Axis and Allies 1914: First look at the boardgame


We take a look at the newest addition to our game collection, Axis and Allies 1914.   Long anticipated World War I strategy game named with a most trusted Axis and Allies brand, known exclusively for World War II until now.   While the game remains faithful to many characteristics of prior releases, it makes many attempts to recreate the theme of the first world war with new approaches.   This article takes a closer look at the game’s hardware; the pieces and the board.

The game board

Like the 1940 and 1942 2nd editions, there are two tri-fold boards placed side by side.  Not a global map, it reaches from the Eastern United States stretching to western India.  Eastern Russia and all of Pacific Asia are omitted.   It does reach pole-to-pole from the Scandinavia to Southern Africa.

The Industrial Production chart and the Mobilization Zone is placed into the impassible region of the Sahara Desert.  An interesting use of space, the overly large “Axis and Allies WWI 1914” logo takes up nearly a quarter of that space requiring the artists to create a new “abacus” system for the IPC chart.  It will require each power to sacrifice two from their already limited supplies of roundels to keep track how many IPCs they have.

Another thing new, is the board design.  It is oriented in diagonal fashion.   Unless you’re willing to set up your game board like a diamond, the points facing the edges of your table, you’ll be reading it cock-eyed.   It’s new.  It’s different and unorthodox.  I find it not user-friendly.

Because there are eight different major powers with a contributing number of minor or neutral powers, you had better be good with geography of the early 20th century.  Territories are designated with nation’s emblems.  Some are large, some are small, some have two different with a large and a small.  Many emblems have been long lost to modern geopolitics.  But as a game player, you better brush up on your history.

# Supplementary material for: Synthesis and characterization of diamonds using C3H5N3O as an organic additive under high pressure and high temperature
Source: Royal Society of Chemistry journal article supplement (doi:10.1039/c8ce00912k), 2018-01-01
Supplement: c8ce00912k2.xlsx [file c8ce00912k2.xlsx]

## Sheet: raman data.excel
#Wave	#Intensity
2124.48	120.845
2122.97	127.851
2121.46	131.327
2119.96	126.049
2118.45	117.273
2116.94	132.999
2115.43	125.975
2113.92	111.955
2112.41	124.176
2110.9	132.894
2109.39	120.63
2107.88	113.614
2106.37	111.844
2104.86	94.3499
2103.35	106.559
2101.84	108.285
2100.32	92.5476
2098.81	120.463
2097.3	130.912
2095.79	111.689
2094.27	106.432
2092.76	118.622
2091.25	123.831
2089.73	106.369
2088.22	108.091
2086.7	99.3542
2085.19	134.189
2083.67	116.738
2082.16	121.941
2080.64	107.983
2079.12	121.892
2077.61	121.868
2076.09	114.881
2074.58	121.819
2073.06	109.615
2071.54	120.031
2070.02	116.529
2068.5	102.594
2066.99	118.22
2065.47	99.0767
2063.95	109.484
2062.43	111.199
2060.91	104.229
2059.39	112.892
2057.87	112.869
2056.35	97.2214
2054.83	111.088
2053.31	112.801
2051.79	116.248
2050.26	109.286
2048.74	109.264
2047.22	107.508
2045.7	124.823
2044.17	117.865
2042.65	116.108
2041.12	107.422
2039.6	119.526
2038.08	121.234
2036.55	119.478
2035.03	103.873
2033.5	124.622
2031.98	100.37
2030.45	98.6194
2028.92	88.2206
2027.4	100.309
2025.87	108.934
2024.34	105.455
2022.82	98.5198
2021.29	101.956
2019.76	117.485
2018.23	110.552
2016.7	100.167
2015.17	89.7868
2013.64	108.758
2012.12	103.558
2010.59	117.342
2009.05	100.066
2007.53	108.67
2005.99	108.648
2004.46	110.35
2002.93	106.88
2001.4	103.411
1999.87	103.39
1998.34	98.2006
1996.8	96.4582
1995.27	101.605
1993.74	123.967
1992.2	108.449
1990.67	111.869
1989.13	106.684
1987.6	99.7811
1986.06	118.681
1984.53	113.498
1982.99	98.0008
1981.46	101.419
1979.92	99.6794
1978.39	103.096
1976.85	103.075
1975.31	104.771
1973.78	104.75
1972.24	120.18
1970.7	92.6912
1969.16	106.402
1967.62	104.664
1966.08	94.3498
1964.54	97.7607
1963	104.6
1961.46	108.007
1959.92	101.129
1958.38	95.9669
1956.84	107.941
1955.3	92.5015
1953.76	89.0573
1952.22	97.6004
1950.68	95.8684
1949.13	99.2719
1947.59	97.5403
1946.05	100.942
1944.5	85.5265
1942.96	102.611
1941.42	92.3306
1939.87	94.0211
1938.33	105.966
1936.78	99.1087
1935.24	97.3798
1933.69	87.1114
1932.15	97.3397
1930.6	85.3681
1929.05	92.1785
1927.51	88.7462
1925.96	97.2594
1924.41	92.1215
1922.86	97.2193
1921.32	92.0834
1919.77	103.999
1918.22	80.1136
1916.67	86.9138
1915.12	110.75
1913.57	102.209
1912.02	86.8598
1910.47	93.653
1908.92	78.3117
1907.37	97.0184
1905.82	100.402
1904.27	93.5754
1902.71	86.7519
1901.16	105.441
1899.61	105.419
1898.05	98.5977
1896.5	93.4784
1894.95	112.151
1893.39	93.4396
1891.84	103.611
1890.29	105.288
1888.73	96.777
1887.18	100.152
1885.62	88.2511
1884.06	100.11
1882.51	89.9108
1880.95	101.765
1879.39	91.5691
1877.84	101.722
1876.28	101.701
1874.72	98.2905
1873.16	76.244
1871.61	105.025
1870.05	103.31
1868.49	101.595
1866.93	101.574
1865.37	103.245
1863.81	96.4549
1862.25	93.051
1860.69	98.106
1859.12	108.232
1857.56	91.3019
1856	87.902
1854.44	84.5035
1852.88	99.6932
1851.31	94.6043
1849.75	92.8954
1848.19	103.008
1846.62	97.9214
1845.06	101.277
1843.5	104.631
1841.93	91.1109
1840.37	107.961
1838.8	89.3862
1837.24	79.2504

The dice, chips, and battle board

With 1914, we’re given thirty-six (36) tiny dice.  Thirty-six little random number generators to be used on the battle board.  The game has brought back a real, solid, battle board and not the cheap, and insulting battle strip many have decried.  Instead of putting pieces on the board, you now use dice representing each individual piece.

For reasons I have not yet embraced, Axis and Allies have begun moving away from poker-style chips to what I describe as a smaller variety proprietary interlocking chips.  You won’t find replacement chips from your poker supply store.  They come in four colors, dark red and dark blue, light red and light blue.  With so many powers on the table, the design is using a particular shade of red or blue to denote the Allies from the Central powers and from “1” count and “5”.

The game pieces

The pieces are interestedly sculpted in a World War I design.   There are biplanes, lumbering armor, artillery, and naval pieces.  Unlike the second edition, the pieces look identical from each power with an exception to infantry.   The infantry look formidable with their bayonets ready.   Most of them look similar, only their hats and colors are different.

Speaking of colors, you had better not be color blind.  With eight different powers, you must differences between green, light green, maroon, dark teal, dark grey, brown, dark blue, and dark green.


Assortment of extra pieces (United States). Click image for more info.

The numbers of pieces that comes with the game has been criticized on forums.   You may want to give thought to invest another $25 for extra pieces and chips for a game you may had already spent $75 from your industrial production.    If you’re wondering if paper Industrial Production Certificates are included, the answer is no.  Avalon Hill continues their latest tradition to withhold paper money.




Tagged , . Bookmark the permalink.

Comments are closed.